An aqueous steeping liquid was prepared comprising 10% sodium hydroxide and 20% urea at a temperature of 20.degree. C. Following the procedure of Example I, 1826 g of 9".times.12" sheets of V-65 Buckeye dissolving pulp sheets (Avg. DP.sub.v 530) were steeped for 1 hour. About 8 Kgs of excess liquid was first decanted from the steeped sheets and then the sheets were placed into 80 kilo of 20% urea in an extraction tank coupled with the ion exchange column. In this case the pH of the extracting liquid was reduced to approximately 7 prior to filter-off and centrifuging in accord with Example I.

The centrifuge mass weighed 6420 g and was then pressed with the 34 cm diameter arbor press to 5458 g. The resulting pressed urea-impregnated, cellulose pulp was spread in trays in layers at about 4 cm thickness and dried over night in an evaporation oven at 66.degree.-71.degree. C. White, dry, urea-impregnated pads resulted which were preheated for 1 to 11/2 hours to a temperature of 90.degree. C. prior to cure. The evaporation oven was then adjusted to 168.degree. C. and the preheated pads were allowed to cure therein for 180 minutes. The resulting very light tan, and very uniform colored pads were then dumped into the large extraction tank, washed, with stirring in hot tap water three(3) times for 10 minutes each time, to give rise to a final, very light tan cellulose aminomethanate product.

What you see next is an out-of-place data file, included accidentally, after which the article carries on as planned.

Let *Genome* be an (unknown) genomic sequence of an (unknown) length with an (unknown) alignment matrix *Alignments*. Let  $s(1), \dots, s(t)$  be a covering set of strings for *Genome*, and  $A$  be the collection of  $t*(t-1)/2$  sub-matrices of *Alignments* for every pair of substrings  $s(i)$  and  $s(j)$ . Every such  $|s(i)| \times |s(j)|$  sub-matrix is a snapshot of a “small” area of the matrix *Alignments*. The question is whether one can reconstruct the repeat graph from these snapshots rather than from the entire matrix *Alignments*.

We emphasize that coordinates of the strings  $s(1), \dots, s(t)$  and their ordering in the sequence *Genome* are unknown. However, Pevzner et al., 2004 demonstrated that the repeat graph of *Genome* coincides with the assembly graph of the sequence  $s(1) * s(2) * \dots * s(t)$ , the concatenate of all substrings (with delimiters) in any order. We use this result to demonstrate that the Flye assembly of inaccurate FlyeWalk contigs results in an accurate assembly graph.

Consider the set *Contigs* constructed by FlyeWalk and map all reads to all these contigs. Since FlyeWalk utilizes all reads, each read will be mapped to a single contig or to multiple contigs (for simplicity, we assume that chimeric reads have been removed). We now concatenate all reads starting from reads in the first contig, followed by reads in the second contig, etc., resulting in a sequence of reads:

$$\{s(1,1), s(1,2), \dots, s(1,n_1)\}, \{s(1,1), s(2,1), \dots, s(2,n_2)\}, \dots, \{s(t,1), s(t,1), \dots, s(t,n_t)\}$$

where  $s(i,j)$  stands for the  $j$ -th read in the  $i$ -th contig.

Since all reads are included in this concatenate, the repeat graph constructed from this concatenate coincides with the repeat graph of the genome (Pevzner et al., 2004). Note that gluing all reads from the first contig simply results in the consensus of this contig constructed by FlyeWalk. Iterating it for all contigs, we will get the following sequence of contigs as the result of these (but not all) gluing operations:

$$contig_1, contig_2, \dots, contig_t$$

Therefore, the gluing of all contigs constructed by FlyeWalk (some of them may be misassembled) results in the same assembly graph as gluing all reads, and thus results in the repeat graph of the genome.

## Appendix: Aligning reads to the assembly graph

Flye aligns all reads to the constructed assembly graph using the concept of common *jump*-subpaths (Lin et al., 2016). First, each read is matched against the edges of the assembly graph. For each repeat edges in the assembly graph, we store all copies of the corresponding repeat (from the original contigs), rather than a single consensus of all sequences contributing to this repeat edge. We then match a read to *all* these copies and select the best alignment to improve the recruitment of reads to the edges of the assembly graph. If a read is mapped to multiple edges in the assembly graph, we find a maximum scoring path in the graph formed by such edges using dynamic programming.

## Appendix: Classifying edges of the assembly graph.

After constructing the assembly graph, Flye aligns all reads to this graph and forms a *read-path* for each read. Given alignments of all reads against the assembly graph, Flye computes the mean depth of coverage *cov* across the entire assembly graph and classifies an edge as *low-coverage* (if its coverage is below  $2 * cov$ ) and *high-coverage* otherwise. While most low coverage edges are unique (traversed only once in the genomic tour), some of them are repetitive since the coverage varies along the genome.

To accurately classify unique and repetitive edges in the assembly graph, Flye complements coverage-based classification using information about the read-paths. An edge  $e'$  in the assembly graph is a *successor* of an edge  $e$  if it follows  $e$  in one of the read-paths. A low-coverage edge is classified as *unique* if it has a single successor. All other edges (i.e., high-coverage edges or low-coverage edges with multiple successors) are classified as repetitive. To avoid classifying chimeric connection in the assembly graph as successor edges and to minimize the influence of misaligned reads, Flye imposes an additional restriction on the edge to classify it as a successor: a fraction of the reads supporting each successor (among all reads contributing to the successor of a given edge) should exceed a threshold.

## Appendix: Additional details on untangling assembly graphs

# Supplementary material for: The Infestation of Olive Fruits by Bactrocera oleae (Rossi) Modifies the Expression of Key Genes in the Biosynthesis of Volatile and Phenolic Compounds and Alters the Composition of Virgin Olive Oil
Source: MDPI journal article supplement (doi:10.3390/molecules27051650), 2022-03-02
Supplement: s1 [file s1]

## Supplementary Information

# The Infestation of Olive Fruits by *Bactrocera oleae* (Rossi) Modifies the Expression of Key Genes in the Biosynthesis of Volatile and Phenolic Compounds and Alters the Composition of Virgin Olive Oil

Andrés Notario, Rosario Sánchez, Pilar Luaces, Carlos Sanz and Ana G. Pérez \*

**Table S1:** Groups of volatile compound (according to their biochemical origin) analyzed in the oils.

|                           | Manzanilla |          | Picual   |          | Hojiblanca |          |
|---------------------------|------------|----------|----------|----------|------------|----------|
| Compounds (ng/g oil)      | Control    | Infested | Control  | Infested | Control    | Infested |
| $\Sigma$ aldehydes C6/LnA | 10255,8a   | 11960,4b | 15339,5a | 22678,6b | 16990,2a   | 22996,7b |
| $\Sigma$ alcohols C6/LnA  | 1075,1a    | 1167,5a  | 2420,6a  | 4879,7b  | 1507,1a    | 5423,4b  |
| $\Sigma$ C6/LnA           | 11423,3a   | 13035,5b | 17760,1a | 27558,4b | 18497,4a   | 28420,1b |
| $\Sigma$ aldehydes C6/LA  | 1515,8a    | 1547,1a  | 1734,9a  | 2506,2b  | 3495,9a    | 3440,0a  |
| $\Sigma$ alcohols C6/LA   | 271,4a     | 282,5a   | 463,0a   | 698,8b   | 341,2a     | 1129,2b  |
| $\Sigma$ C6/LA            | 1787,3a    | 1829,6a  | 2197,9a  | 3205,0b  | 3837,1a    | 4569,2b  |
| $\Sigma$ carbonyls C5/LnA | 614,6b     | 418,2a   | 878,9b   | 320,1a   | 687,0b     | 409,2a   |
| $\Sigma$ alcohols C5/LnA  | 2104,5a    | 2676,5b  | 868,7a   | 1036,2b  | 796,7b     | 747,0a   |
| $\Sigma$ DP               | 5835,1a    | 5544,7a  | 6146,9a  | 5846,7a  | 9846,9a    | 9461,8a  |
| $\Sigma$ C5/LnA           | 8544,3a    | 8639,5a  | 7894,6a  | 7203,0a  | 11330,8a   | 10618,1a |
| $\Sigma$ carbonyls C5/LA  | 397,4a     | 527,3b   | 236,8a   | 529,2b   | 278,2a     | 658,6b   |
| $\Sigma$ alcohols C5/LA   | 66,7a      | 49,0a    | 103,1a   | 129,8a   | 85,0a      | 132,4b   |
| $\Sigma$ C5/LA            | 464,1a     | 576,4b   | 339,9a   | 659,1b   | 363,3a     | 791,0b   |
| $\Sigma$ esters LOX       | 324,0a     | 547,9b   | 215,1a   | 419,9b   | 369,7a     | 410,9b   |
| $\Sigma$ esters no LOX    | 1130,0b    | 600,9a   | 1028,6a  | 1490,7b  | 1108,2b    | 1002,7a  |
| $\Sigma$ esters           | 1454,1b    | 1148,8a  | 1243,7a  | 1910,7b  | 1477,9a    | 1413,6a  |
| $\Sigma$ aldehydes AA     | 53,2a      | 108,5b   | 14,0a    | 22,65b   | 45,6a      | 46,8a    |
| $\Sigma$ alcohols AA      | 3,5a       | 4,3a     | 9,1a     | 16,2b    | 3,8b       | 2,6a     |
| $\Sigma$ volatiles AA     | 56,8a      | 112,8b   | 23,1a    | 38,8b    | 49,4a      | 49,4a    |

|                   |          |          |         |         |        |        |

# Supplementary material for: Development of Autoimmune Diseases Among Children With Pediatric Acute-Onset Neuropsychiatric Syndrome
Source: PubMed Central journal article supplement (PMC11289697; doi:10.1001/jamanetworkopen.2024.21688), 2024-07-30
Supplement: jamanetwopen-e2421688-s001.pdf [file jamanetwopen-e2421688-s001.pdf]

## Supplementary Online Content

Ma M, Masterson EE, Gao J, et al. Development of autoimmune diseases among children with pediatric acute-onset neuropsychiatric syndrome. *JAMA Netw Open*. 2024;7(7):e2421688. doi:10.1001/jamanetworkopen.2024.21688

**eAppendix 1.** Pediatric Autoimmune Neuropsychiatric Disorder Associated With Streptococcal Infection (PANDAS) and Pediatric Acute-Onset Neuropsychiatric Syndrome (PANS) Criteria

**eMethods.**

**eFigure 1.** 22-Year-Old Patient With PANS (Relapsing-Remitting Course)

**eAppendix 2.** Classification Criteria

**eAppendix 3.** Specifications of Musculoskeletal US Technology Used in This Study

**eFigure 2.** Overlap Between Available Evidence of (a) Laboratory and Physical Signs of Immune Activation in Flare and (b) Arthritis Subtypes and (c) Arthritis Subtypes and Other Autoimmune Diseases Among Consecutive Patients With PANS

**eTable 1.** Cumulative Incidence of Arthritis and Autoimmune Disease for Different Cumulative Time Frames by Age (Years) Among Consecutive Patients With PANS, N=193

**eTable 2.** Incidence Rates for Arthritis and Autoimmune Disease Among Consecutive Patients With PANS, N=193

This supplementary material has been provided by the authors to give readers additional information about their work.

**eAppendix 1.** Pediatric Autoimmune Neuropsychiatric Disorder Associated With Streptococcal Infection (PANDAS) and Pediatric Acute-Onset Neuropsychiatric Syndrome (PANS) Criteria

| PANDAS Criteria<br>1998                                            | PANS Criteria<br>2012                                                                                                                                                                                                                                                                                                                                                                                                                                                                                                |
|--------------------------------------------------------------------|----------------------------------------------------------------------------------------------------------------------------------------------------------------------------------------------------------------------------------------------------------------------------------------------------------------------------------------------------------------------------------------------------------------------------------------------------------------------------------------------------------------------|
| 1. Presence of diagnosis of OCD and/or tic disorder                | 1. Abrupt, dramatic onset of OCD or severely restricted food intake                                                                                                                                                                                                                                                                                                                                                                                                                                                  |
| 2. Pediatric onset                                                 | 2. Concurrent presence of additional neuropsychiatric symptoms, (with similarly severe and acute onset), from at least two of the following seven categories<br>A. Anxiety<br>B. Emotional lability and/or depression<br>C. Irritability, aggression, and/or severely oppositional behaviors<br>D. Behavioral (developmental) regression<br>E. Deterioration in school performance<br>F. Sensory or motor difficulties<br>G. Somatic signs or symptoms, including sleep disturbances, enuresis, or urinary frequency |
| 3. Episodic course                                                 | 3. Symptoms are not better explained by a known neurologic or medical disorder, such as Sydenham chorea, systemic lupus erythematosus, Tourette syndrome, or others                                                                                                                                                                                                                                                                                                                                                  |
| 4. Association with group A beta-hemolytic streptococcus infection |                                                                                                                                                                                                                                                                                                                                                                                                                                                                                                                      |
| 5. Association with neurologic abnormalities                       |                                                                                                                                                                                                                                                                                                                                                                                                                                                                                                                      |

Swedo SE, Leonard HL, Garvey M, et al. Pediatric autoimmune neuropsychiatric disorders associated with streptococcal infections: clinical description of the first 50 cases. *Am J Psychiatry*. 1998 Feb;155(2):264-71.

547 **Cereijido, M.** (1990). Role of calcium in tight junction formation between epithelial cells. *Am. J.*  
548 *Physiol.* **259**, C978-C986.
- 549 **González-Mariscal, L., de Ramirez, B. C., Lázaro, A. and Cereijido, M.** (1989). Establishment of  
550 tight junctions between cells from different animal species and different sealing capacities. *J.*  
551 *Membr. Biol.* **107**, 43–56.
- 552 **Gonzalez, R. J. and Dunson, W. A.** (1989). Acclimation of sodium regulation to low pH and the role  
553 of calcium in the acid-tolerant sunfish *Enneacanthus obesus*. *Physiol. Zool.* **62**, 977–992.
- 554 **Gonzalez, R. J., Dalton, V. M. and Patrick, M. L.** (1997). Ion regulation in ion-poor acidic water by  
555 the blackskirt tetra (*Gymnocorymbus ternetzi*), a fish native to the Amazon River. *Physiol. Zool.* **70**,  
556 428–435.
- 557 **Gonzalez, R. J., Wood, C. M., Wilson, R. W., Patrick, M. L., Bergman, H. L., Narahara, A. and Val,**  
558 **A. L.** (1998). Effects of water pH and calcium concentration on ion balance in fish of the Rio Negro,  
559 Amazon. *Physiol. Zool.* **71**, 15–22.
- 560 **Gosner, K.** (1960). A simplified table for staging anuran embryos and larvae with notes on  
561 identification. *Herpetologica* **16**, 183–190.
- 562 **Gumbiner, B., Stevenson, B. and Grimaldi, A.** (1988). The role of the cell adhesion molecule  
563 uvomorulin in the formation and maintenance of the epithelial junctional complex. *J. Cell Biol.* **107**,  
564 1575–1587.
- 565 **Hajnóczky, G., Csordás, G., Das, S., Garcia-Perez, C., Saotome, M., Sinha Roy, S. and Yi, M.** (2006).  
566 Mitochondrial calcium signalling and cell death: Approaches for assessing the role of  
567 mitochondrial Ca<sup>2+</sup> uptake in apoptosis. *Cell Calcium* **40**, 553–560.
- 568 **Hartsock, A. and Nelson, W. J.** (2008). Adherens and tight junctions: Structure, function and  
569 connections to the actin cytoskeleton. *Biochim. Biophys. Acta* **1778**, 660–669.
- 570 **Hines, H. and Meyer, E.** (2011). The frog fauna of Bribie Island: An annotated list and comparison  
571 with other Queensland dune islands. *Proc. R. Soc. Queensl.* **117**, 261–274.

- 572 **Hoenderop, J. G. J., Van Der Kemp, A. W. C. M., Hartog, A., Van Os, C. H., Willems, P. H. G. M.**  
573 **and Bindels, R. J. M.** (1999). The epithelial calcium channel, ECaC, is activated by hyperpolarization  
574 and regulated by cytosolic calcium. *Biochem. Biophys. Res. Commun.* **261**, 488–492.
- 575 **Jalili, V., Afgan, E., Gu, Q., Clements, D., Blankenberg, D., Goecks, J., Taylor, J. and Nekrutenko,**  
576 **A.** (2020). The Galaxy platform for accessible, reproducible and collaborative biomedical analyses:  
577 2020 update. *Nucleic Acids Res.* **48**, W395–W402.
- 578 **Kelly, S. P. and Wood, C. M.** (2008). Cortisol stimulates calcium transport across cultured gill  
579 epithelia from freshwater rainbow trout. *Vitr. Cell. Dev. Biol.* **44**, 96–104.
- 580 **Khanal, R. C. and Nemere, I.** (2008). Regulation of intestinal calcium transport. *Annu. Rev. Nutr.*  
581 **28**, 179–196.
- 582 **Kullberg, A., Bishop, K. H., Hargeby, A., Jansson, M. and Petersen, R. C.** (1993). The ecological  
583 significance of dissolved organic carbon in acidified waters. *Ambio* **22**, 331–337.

The resulting dry material had a nitrogen content of 2.56% and was readily soluble in aqueous cold, 8% sodium hydroxide with intervening freeze-thaw cycle and in aqueous 9% sodium hydroxide, 1% zinc oxide solution at approximately -5.degree. C. at 7% polymer concentration. Dissolution in both cases took place in approximately 30 minutes. The resulting solutions were virtually fiber-free when observed at low magnification under polarized light. Both were filterable to give usable polymer dopes having a DP.sub.V of 423.